BCR-ABL1 inhibitors have revolutionized treatment of CML patients. However several drawbacks remain, including therapy resistance of T315I-mutated CML and incapability of current drugs to eliminate quiescent CML stem cells warranting development of novel therapies. In addition, drugs with the potential to enhance efficacy of BCR-ABL1 targeting agents could improve treatment of CML patients. Members of the Tyro3, Axl, Mer receptor (TAMR) tyrosine kinase family are abundantly expressed in physiological and malignant hematopoiesis and their ligand Gas6 can support hematopoietic (progenitor) cells. Evidence in the literature indicates that Axl is upregulated upon treatment with imatinib (IM).

In this study, we investigated the relevance of the Gas6-Axl axis in CML patients and the therapeutic potential of the clinically applicable small molecule Axl inhibitor BGB324 (former designation R428) in primary CML (stem cell) samples, cell lines and preclinical models.

In a first step we quantified Axl-expressing cells by flow cytometry in chronic phase (CP) CML bone marrow at primary diagnosis and healthy bone marrow donors. Here, we found higher numbers of Axl-positive cells in CML bone marrow compared to controls (11.42±0.42% (n=5) vs. 0.65±0.10% (n=6), respectively; p=0.0015). In addition, we determined Gas6 plasma levels by ELISA in healthy controls and CML patients in CP and blast crisis (BC). These analyses revealed that Gas6 plasma levels were upregulated in a stage specific manner (plasma levels of Gas6: healthy controls 1290±684 pg/ml (n=14), CP 3465±405 pg/ml (n=50), BC 10940±3868 pg/ml (n=7); p=0.0001). Thus, the Gas6-Axl axis represents a potential therapeutic target in CML patients.

Based on this finding we analyzed efficacy of BGB324 in Axl-expressing BV173, KCL22, K562, BaF3_BCR-ABL1-wt and BaF3_BCR-ABL1-T315I cell lines in vitro. We found inhibition of proliferation in all analyzed cell lines with IC50 values ranging from 500-3000 nM. Combination experiments with the IC50 dose of BGB324 and IM revealed additive effects of both treatments in all cell lines. Dose finding experiments with BGB324 in sorted CD34+ primary CML cells grown in the presence of physiological growth factors yielded a mean IC50 of 1.1 ± 0.3 mM (n=3), which was similar to nilotinib. BGB324 did not accumulate CD34+CFSEmax (undivided) cells any more than nilotinib but enhanced apoptosis of CD34+ cells in combination with nilotinib. Notably, there was a consistent inhibitory effect of 3 mM BGB324 alone or in combination with nilotinib against colony forming cells (CFC) with the more primitive BFU-E and GEMM being most sensitive to inhibition (n=4). Interestingly, the Ph- lymphocytes (confirmed by FISH) sorted simultaneously with Ph+ CD34+ cells from the same CML patient were unaffected in terms of viability when treated with Axl inhibitor; thus the BGB324’s activity is cell context specific.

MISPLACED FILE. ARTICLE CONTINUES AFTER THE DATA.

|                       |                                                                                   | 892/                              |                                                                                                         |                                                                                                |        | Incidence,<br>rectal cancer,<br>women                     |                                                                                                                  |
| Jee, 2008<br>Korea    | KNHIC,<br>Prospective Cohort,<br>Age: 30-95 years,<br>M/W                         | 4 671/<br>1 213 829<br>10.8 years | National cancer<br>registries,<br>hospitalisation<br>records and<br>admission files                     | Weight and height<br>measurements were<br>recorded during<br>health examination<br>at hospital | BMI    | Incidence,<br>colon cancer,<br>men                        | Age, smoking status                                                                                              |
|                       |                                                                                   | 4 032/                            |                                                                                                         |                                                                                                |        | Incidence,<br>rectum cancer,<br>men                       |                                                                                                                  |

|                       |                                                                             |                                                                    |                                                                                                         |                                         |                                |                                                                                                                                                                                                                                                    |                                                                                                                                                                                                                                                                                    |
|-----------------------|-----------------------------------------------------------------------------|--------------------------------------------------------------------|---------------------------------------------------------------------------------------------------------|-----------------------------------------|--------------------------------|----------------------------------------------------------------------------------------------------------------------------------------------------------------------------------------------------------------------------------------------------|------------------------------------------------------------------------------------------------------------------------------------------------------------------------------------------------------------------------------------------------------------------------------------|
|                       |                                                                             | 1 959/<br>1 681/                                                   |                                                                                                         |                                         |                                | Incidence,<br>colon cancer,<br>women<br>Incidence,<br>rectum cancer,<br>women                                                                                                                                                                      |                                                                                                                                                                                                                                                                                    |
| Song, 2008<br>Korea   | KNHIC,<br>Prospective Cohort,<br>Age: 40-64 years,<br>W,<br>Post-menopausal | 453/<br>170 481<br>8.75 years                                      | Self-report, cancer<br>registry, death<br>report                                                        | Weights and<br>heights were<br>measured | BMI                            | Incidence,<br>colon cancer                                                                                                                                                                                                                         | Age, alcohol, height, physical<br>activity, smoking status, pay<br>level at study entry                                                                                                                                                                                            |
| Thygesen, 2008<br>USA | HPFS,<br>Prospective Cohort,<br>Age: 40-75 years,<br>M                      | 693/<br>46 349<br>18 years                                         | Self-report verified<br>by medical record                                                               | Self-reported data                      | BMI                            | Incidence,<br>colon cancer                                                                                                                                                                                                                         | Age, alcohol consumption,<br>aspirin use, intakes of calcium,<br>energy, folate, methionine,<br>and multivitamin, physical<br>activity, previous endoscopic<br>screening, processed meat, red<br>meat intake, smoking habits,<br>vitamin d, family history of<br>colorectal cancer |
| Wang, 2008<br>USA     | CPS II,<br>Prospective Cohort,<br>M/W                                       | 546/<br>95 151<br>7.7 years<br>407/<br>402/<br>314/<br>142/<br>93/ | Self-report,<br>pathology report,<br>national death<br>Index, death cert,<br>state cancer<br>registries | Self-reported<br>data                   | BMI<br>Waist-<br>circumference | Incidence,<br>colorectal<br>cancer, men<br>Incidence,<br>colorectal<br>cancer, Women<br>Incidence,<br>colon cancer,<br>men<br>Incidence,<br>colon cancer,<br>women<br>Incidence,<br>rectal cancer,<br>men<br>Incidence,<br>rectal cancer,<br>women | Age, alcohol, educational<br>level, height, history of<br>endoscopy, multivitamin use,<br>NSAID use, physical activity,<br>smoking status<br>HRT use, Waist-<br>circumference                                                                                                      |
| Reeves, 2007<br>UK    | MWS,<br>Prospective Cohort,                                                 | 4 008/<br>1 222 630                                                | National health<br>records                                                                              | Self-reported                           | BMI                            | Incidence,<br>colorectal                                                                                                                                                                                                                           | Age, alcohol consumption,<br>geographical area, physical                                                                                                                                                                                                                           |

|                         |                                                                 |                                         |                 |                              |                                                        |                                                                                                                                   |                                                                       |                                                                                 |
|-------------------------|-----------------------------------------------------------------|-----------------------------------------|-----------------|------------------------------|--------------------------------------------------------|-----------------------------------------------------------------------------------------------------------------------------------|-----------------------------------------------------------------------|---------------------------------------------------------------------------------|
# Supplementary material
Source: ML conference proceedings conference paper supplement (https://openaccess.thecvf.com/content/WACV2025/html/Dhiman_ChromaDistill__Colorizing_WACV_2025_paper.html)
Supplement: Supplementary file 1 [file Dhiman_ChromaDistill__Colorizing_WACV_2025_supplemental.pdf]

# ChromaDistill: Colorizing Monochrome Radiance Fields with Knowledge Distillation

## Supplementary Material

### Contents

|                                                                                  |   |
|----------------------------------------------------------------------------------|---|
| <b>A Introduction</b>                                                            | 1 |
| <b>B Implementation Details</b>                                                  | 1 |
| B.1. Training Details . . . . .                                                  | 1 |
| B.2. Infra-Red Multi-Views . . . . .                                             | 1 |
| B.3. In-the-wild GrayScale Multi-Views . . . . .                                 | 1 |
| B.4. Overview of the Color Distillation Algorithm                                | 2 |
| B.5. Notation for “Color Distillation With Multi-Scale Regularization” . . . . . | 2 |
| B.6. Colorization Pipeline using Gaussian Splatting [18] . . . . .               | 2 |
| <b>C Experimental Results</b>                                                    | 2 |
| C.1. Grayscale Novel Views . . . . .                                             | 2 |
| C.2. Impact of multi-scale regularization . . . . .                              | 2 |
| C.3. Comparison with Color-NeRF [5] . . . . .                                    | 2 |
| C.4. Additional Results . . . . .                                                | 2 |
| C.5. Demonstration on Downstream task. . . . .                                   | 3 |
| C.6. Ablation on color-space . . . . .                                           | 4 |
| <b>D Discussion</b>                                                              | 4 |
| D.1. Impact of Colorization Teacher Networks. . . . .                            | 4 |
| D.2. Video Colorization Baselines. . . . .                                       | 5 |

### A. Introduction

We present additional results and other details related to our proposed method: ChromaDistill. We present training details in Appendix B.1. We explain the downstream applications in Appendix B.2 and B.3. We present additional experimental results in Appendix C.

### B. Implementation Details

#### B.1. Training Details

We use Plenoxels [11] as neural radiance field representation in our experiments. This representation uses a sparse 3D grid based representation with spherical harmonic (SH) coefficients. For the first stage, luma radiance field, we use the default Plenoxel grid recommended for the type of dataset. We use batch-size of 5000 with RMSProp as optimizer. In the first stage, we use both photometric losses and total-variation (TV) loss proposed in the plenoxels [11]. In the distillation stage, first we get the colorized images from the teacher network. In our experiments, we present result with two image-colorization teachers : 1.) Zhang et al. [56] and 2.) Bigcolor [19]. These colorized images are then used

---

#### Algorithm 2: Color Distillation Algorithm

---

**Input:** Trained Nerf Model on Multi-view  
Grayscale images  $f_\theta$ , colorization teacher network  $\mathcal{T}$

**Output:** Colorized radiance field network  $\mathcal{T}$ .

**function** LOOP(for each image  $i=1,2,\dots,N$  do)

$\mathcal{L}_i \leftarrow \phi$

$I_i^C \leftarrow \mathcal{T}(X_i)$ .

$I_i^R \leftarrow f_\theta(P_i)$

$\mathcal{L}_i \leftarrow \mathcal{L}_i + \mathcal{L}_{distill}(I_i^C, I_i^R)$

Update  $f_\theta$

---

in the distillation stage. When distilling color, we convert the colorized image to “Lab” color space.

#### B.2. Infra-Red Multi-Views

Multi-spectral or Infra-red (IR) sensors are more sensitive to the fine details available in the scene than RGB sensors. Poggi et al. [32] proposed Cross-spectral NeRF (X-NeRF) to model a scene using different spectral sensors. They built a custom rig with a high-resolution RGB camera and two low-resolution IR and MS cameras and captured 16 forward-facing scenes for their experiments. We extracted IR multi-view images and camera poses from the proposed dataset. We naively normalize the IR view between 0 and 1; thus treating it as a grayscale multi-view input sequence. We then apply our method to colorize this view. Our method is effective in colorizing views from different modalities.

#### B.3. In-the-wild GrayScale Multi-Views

Encouraged by these data we analyzed efficacy of BGB324 in an aggressive preclinical CML model in which bone marrow cells were retrovirally transduced with constructs containing T315I-mutated BCR-ABL1. Transduced cells were subsequently i.v. transplanted into sublethally irradiated recipient mice, who rapidly developed blast crisis CML. Mice were treated with 25 mg BGB324 or vehicle BID by oral gavage starting from day 3 after transplantation when homing of transduced cells to the bone marrow is completed. In this model we found a significant prolongation of survival upon treatment with BGB324 (Figure 1). Analyses of the leukemia phenotype by differential blood counts and flow cytometry revealed that BGB324 reduced leukemia cell burden (WBC 138±20x103/µl (n=14) vs. 60x103±21 k/µl WBC in the BGB324 treated group (n=13); p=0.0078).

Taken together, these data suggest that the Gas6-Axl axis represents a therapeutic target and that BGB324 is a potent molecule effective against T315I-mutated and wt CML alone and in combination with TKI. Furthermore, BGB324 induces apoptosis of quiescent Ph+ CML stem/progenitor cells. Thus

BGB324 might open up novel therapeutic avenues in CML patients.


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Author notes


Asterisk with author names denotes non-ASH members.